Ms. Thompson read from section 5(a)’s “financial or otherwise” language and opined that money does not need to change hands.  She referenced the example of a Rhode Island senator recently involved with legislation to expunge certain records with the Department of Health, where he himself had prior violations.  Commissioner Harsch observed that her comments were directed toward situations involving the legislature and inquired about other state and municipal officials and employees.  Ms. Thompson replied that OCG is focused at the state level.   

Commissioner Kirby inquired, based upon Mr. Benson’s earlier testimony, whether OCG wants a blanket rule with no exemptions.  Ms. Thompson indicated that is correct.  Commissioner Kirby noted that a town council would not be able to set the municipal tax rate absent some exception, as it would affect the entire membership.  Ms. Thompson replied that they were elected with the responsibility to set the tax rate.  Mr. Benson addressed the Commission and noted that setting the tax rate would impact everyone.  Commissioner Cheit agreed, but he stated that if the class exception were eliminated it would violate the Code.  Commissioner Kirby expressed that he does not know how you can avoid having a class exception and suggested that they might need to look at a different type of rule regarding the legislature.

Commissioner Cheit posed the situation where a legislator would violate the Code, absent the class exception, if he were to vote on a bill to increase the minimum wage and any relative of his had a minimum wage job.  Ms. Thompson suggested that common sense would play a role and precedent would be set.  Commissioner Cheit replied that any kind of financial benefit would result in a violation.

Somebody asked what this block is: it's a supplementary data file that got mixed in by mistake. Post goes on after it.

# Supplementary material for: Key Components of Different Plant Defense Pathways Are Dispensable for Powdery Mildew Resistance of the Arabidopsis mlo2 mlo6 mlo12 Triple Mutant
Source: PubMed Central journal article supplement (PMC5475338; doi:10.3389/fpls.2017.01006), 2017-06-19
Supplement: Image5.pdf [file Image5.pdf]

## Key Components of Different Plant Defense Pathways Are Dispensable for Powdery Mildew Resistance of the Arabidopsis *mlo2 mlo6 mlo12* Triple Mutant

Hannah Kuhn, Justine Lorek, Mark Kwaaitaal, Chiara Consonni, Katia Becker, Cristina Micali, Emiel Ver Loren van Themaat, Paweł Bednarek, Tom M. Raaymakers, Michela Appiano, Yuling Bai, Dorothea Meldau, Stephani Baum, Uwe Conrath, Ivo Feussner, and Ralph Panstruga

The next speaker was Robert B. Mann, Esq., on behalf of Working Rhode Island.  He referenced his written submission which outlines concerns that Working Rhode Island will not be represented if the class exception is eliminated.  He questioned whether the class exception currently would withstand constitutional scrutiny due to the legislative immunity provided to the General Assembly under the Speech in Debate clause of the state constitution.  He suggested that the Commission could still make legislators file disclosure, identify their activities and prohibit them from taking bribes.  He read from Eastland v. U.S. Serviceman’s Fund and suggested that the cost of modifying the class exception would be a chilling effect, with legislators less willing to vote on issues or offer advice.  

Mr. Mann referenced Maynard v. Beck and stated that even if a member of a legislative body has a self interest, he is protected from being questioned by the common law legislative privilege.  Commissioner Harsch questioned whether the Rhode Island situation with local legislators would be different because it basically is a unitary state.  Mr. Mann replied that he would rather submit something written in more detail, but that the Rhode Island Supreme Court upheld the privilege in 1999 under pretty strong facts in Maynard.